UX thought leader and speaker Stephen Anderson weighs in on whether you should focus on wireframes or push forward with high fidelity, interactive prototypes early on. I like his use of internalising over skipping:
I think there’s a difference between skipping a phase versus internalizing a phase. As young students, we go through a very formal writing process in order to learn the skills needed to be a good writer; I doubt very seriously that any of us go through that same, explicit process as mature writers. We’ve internalized those things we were taught.
At Q42 and on the Handcraft team we frequently do sketches and then immediately move on to interactive prototypes. Not because we want to skip wireframes, but because that part of the process is kind of redundant. It doesn’t add anything of value when you can just get on with the things you really want to communicate to your client, namely the refined details of the interactivity you’re mocking up.
Stephen comments on communication as an important stage in the process, too:
Asking someone to comment just on the interaction or just on the structure–independent of the other pieces — is a bit like asking someone to judge a chocolate chip cookie based on only a handful of ingredients. “Here, these are the wet ingredients (eggs, sugars, vanilla)–what do you think of this cookie?” How can we possibly expect to get good feedback on such an incomplete experience?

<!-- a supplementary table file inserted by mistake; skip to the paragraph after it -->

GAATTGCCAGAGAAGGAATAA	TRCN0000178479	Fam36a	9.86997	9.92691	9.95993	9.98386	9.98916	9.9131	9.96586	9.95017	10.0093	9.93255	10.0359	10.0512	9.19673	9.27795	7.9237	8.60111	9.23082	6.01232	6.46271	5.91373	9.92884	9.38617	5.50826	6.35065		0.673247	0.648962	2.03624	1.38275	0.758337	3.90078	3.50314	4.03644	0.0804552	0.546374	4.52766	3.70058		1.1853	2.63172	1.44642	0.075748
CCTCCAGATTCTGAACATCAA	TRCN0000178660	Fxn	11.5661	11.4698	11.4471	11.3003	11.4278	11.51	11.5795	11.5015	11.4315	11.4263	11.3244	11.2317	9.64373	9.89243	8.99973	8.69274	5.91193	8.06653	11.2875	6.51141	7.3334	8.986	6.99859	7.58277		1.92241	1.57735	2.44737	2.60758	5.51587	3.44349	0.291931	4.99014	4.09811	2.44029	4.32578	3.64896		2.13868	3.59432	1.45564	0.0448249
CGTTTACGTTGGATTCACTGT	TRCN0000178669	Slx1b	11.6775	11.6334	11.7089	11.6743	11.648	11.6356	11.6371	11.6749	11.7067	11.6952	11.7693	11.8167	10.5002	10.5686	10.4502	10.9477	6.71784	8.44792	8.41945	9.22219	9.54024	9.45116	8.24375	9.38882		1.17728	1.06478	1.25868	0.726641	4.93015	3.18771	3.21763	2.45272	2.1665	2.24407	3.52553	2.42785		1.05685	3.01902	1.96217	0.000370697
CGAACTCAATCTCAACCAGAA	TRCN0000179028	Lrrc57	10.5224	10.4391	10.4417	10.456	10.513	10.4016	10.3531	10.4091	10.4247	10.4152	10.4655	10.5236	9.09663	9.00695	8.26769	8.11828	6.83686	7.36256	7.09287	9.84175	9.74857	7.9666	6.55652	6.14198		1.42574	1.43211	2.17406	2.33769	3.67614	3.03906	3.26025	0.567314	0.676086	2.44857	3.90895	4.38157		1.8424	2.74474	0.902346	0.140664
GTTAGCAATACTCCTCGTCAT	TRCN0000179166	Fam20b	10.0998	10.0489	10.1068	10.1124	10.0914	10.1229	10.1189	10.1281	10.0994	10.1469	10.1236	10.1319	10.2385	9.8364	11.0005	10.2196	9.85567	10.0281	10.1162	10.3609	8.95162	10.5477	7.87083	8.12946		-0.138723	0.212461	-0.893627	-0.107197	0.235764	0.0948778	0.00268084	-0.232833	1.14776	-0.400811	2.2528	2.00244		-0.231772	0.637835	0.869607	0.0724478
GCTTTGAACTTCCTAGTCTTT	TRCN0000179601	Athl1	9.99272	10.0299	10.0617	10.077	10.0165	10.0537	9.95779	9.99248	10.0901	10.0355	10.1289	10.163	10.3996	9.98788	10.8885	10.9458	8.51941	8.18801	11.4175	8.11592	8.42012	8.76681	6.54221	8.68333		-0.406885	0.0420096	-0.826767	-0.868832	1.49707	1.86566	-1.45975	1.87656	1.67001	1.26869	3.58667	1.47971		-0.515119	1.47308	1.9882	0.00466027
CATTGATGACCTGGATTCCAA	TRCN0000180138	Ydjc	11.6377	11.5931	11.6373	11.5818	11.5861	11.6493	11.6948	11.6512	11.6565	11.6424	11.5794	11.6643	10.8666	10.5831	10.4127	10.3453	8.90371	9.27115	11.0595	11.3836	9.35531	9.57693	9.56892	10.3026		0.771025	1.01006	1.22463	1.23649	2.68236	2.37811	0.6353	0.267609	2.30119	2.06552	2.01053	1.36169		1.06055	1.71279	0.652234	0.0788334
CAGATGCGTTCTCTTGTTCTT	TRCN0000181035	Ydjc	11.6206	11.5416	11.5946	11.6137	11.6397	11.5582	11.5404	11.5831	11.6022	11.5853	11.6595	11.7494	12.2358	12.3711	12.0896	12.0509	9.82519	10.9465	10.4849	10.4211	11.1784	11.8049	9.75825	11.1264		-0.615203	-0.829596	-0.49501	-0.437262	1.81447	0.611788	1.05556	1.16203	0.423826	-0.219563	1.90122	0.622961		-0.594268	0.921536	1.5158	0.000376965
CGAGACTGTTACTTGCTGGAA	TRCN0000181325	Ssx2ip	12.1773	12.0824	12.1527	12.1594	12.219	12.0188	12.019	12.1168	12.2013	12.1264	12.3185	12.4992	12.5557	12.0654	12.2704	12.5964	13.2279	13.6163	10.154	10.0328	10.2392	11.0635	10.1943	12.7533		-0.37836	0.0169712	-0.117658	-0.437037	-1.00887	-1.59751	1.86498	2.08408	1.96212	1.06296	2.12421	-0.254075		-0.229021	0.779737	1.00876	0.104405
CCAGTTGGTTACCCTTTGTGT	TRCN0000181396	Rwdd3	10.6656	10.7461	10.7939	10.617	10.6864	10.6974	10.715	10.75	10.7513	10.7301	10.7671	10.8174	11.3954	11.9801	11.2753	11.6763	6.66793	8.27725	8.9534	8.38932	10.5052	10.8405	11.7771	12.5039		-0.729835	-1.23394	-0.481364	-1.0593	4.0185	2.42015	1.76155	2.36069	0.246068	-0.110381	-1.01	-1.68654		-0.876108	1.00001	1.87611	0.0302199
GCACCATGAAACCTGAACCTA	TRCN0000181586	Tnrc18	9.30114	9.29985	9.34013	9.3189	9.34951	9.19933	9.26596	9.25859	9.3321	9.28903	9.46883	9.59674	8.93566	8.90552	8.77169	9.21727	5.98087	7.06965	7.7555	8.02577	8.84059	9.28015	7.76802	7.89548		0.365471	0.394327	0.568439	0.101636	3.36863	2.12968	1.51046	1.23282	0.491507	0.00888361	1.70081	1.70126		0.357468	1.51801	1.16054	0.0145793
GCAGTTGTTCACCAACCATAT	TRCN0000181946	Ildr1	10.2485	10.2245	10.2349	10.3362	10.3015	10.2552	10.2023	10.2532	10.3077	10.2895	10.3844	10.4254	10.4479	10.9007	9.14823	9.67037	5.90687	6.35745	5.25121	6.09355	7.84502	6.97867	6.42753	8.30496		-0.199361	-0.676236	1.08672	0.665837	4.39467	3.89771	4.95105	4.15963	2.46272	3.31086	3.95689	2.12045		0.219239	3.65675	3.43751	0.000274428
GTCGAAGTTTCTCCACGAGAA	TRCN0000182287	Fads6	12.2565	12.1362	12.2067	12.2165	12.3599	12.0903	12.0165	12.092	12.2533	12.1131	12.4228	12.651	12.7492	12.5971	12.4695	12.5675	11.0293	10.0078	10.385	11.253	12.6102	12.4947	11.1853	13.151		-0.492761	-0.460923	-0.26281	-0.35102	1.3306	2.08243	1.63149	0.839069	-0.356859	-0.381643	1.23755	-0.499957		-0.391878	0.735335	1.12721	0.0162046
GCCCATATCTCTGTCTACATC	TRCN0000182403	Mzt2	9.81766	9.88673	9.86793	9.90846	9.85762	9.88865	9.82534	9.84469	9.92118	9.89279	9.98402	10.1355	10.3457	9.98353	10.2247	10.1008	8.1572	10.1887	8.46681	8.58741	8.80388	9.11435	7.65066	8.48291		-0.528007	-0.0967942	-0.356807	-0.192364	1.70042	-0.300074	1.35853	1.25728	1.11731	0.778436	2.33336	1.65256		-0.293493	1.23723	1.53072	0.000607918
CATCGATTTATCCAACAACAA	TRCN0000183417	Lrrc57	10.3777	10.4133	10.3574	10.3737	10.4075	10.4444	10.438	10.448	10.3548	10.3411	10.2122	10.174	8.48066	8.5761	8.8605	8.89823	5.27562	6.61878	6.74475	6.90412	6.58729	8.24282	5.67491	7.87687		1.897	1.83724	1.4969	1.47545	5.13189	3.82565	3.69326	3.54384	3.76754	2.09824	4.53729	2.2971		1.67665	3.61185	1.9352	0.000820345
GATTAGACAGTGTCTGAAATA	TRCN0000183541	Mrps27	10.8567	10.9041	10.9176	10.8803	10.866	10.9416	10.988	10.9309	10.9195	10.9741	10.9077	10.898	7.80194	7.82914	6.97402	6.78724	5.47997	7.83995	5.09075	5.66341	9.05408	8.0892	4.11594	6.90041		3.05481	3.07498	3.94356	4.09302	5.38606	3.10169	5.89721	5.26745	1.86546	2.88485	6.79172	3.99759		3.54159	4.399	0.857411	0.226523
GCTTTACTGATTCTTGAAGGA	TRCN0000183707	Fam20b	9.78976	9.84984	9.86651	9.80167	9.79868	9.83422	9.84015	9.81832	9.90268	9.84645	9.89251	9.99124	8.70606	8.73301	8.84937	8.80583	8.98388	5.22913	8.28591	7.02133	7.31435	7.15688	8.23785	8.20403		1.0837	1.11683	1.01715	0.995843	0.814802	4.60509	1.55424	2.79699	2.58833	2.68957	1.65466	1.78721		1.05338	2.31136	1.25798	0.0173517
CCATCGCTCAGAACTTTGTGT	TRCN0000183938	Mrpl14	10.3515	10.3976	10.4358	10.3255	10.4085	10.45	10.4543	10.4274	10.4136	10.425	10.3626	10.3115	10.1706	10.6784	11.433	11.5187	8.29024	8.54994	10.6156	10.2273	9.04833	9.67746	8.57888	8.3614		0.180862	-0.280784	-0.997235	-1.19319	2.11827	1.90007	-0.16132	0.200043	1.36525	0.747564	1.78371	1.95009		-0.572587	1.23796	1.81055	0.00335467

Fully interactive prototypes allow the client or stakeholder to comment on the actual experience rather than a picture of it. That way you get a constructive discussion going early on about the final product instead of wandering around in idea land for too long. Getting to this stage as fast as possible means you can spend more time testing with real people, which is another point Stephen makes:
I’d argue for an integrated, holistic approach to UX that serves up as complete an experience as possible, as early on in the process as possible. I’m talking days, maybe even hours in some cases. This is not so we can be done more quickly, but so that we can use this new found time to iterate more frequently with actual users, leading to better, more user focused experiences.
We talked about this in our presentation at UX Brighton last summer: focus on the details rather than skipping over them just because you want to be done sooner.
Stephen’s a great thinker and writer and it’s awesome to see a gradual move towards this kind of thinking in the design industry overall. Read all of Stephen’s thoughts on the subject at The Pastry Box Project: Wednesdasy, 4 April. Here’s hoping he works this angle into a future talk!
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